included this statement, Effective, meaningful and rigorous high school
reform policies are needed at the local, state, and federal levels in order
to increase graduation rates, prevent dropouts and raise overall student
achievement.

E.C. 🙂

Top Teachers Issue Call for Revamped Pay Plans: Wash. Post

Teachers have their own ideas on how they should be paid.

Tired of reports by business executives and Cabinet officers on how to fix U.S. schools, several award-winning teachers produced their own recommendations this month, starting with a major overhaul of how teachers are paid, according to a Washington Post article today.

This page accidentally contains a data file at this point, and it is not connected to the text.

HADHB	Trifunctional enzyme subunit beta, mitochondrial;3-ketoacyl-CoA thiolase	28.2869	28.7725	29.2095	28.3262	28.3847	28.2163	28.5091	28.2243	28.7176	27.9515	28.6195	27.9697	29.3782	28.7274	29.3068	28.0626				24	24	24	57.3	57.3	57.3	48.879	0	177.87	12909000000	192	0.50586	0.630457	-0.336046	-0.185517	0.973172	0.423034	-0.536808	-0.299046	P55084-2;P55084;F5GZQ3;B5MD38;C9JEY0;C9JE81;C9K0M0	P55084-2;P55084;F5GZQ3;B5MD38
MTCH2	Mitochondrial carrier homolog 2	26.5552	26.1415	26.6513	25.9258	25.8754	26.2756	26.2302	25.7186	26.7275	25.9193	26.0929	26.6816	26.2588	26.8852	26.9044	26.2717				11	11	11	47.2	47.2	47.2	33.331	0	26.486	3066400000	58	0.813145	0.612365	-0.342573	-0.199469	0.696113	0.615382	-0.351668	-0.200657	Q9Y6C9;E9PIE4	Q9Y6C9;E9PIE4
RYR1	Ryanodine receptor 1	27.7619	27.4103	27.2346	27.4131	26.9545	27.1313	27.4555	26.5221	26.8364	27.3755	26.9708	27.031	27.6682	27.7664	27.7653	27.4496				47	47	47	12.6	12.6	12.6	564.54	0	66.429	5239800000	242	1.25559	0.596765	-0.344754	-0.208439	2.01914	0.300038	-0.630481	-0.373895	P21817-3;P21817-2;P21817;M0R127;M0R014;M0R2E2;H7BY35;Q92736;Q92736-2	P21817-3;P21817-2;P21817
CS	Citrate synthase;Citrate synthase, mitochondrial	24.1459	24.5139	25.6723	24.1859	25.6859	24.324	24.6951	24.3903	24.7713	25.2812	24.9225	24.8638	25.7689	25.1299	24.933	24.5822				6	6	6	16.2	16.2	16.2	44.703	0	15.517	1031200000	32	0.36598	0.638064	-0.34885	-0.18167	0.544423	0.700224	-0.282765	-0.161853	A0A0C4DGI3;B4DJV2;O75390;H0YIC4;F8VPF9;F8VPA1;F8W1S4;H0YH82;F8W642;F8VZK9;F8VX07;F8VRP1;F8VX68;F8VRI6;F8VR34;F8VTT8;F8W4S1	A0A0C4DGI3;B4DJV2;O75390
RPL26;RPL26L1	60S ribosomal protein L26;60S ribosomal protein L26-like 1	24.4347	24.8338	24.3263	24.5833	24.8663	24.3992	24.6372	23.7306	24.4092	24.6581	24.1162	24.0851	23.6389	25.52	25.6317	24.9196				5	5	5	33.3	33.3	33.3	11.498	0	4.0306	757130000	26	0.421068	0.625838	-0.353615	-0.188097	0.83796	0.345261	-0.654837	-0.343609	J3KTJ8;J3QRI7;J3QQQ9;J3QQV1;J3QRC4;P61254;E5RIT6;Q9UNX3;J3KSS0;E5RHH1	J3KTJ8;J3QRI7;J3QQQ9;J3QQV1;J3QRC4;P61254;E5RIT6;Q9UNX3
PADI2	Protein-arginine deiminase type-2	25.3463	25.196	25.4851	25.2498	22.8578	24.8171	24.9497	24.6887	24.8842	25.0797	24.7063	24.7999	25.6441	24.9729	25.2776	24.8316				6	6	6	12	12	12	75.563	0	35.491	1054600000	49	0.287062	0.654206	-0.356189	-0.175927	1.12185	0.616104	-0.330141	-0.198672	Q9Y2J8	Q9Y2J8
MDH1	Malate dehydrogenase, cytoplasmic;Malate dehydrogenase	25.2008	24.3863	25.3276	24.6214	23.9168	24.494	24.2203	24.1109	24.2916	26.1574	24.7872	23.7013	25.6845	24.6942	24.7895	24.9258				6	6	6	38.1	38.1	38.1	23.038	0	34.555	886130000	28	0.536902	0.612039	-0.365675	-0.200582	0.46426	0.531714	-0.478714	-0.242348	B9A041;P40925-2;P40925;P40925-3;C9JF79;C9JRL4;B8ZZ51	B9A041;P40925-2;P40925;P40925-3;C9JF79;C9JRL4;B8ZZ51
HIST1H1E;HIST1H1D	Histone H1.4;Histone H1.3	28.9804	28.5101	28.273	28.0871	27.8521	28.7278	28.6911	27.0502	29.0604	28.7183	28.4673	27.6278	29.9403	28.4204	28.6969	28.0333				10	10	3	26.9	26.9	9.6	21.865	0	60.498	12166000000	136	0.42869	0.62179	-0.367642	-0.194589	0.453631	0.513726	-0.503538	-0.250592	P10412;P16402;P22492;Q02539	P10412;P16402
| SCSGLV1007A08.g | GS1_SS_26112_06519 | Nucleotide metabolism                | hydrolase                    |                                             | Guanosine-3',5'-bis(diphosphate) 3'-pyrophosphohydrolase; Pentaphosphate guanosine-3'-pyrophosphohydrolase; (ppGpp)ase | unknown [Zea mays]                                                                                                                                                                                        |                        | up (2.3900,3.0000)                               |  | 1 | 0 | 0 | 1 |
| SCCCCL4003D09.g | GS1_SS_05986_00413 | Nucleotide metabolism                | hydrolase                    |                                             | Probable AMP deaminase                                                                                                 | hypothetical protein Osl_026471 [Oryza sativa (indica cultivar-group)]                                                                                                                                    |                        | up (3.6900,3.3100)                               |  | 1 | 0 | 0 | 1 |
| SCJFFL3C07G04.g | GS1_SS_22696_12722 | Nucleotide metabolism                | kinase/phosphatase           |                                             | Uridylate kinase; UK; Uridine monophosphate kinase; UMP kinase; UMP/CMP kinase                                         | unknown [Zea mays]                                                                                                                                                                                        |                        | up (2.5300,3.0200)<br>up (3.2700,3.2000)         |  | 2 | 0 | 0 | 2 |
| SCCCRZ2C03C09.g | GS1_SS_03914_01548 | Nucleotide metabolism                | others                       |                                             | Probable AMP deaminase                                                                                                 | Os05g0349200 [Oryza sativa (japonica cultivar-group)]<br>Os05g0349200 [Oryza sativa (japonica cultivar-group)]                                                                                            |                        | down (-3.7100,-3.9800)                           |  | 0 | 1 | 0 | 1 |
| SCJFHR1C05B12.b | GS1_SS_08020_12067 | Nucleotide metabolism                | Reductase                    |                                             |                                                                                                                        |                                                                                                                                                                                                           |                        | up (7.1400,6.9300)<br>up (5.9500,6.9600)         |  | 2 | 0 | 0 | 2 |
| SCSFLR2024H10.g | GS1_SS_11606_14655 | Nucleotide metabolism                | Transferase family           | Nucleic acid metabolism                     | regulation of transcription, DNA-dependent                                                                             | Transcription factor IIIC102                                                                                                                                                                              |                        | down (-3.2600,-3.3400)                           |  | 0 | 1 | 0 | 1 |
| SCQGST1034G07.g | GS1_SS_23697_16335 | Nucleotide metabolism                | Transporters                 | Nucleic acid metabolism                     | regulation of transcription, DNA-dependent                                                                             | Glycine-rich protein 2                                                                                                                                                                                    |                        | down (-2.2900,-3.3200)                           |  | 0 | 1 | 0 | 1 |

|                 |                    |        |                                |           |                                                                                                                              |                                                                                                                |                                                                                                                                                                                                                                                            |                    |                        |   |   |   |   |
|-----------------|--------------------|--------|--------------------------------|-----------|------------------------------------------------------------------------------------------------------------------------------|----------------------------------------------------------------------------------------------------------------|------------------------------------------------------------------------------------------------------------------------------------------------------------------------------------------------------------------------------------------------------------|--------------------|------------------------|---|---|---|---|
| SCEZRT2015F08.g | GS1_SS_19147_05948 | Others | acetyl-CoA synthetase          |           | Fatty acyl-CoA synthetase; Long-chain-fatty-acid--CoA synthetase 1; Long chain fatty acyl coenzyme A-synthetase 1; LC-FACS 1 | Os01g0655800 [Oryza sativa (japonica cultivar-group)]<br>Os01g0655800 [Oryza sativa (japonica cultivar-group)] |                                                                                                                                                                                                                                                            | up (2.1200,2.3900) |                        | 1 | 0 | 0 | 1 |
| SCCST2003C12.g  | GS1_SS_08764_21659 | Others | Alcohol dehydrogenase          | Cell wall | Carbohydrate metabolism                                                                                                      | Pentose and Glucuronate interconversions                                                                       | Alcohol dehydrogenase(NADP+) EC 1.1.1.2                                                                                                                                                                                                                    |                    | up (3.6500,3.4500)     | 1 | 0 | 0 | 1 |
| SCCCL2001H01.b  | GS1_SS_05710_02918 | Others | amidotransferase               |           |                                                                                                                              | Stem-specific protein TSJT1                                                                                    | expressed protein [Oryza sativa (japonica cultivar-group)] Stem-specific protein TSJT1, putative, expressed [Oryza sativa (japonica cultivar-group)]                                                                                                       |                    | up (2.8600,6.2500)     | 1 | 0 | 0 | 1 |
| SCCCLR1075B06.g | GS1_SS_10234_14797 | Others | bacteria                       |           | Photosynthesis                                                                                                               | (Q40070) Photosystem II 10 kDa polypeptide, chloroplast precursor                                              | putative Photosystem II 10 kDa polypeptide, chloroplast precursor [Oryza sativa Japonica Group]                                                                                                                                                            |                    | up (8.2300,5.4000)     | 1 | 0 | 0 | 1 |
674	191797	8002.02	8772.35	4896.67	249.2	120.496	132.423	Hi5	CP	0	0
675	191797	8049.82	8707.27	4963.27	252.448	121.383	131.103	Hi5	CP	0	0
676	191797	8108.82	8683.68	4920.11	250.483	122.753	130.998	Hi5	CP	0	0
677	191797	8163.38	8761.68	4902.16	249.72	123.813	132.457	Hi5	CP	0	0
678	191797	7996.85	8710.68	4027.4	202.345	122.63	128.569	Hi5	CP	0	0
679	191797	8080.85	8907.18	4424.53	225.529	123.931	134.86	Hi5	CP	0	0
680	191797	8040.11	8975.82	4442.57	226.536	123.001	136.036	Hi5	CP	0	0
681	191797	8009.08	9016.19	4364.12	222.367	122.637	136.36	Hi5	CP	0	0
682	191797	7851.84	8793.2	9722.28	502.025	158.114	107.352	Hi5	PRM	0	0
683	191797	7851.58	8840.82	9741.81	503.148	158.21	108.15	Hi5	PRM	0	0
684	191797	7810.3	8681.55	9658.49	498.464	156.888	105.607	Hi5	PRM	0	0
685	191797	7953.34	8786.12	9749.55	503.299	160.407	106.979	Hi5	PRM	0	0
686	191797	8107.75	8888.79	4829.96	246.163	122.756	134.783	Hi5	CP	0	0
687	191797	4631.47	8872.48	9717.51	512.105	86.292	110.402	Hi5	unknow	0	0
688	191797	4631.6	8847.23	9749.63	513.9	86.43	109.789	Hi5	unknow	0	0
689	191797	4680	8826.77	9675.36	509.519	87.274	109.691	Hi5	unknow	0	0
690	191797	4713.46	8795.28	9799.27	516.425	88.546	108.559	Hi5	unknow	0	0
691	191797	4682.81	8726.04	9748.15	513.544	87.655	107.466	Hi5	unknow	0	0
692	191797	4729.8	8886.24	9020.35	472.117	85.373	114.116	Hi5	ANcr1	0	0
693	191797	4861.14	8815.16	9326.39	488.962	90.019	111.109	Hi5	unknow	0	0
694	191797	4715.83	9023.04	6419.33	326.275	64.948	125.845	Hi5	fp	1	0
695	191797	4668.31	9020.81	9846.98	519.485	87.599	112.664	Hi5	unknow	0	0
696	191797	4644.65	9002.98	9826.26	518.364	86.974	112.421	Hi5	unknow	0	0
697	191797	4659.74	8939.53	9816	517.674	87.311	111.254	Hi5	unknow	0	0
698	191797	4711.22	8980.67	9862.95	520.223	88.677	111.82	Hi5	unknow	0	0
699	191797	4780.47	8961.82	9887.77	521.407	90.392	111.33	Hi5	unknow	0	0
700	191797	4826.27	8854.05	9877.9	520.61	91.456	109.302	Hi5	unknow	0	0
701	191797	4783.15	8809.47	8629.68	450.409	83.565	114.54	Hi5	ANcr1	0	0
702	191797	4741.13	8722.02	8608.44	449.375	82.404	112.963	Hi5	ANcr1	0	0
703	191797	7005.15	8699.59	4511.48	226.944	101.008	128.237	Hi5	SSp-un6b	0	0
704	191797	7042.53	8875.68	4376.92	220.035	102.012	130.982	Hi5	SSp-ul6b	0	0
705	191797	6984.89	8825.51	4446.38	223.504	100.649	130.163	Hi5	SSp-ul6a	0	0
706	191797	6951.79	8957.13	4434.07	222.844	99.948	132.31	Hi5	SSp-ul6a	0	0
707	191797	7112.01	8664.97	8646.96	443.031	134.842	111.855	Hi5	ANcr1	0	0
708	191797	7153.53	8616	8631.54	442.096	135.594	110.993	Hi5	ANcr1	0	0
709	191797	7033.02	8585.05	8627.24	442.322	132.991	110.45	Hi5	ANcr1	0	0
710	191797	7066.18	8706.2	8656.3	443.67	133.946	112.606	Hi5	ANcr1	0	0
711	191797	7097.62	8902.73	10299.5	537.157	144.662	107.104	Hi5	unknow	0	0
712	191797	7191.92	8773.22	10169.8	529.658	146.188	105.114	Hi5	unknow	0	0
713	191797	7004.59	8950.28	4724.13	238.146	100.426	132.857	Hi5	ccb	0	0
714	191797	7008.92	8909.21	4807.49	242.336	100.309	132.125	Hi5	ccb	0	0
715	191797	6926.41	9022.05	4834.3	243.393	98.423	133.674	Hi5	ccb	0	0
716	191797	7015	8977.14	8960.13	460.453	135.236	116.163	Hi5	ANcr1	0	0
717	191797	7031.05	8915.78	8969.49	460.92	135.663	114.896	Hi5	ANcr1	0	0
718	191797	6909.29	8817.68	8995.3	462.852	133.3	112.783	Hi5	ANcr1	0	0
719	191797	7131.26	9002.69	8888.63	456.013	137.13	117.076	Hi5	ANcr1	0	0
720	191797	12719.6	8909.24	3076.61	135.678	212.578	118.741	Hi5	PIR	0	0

An excerpt:

The report, sponsored by the Hillsborough, N.C.-based Center for Teaching Quality, said teachers should be able to advance through three tiers — novice, professional and expert — and schools should stop paying teachers more just because they have more years on the job.

“If you don’t have a career ladder that encourages teachers to advance in their profession — and be paid accordingly as they advance — tinkering around the edges by providing $2,000 bonuses for a handful of teachers will not secure the stable, high-quality professional workforce we need,” the teachers said.

In particular, the group said, pay plans should “reward leadership, not seniority.” It said that “qualified teachers who take on additional responsibilities — mentoring novices and peers and preparing new teachers, creating family- and community-outreach programs, serving on advisory councils and the like — should be paid for their time outside the classroom.” And the jobs should go not to the oldest teachers but to the ones with the best classroom results, the group said.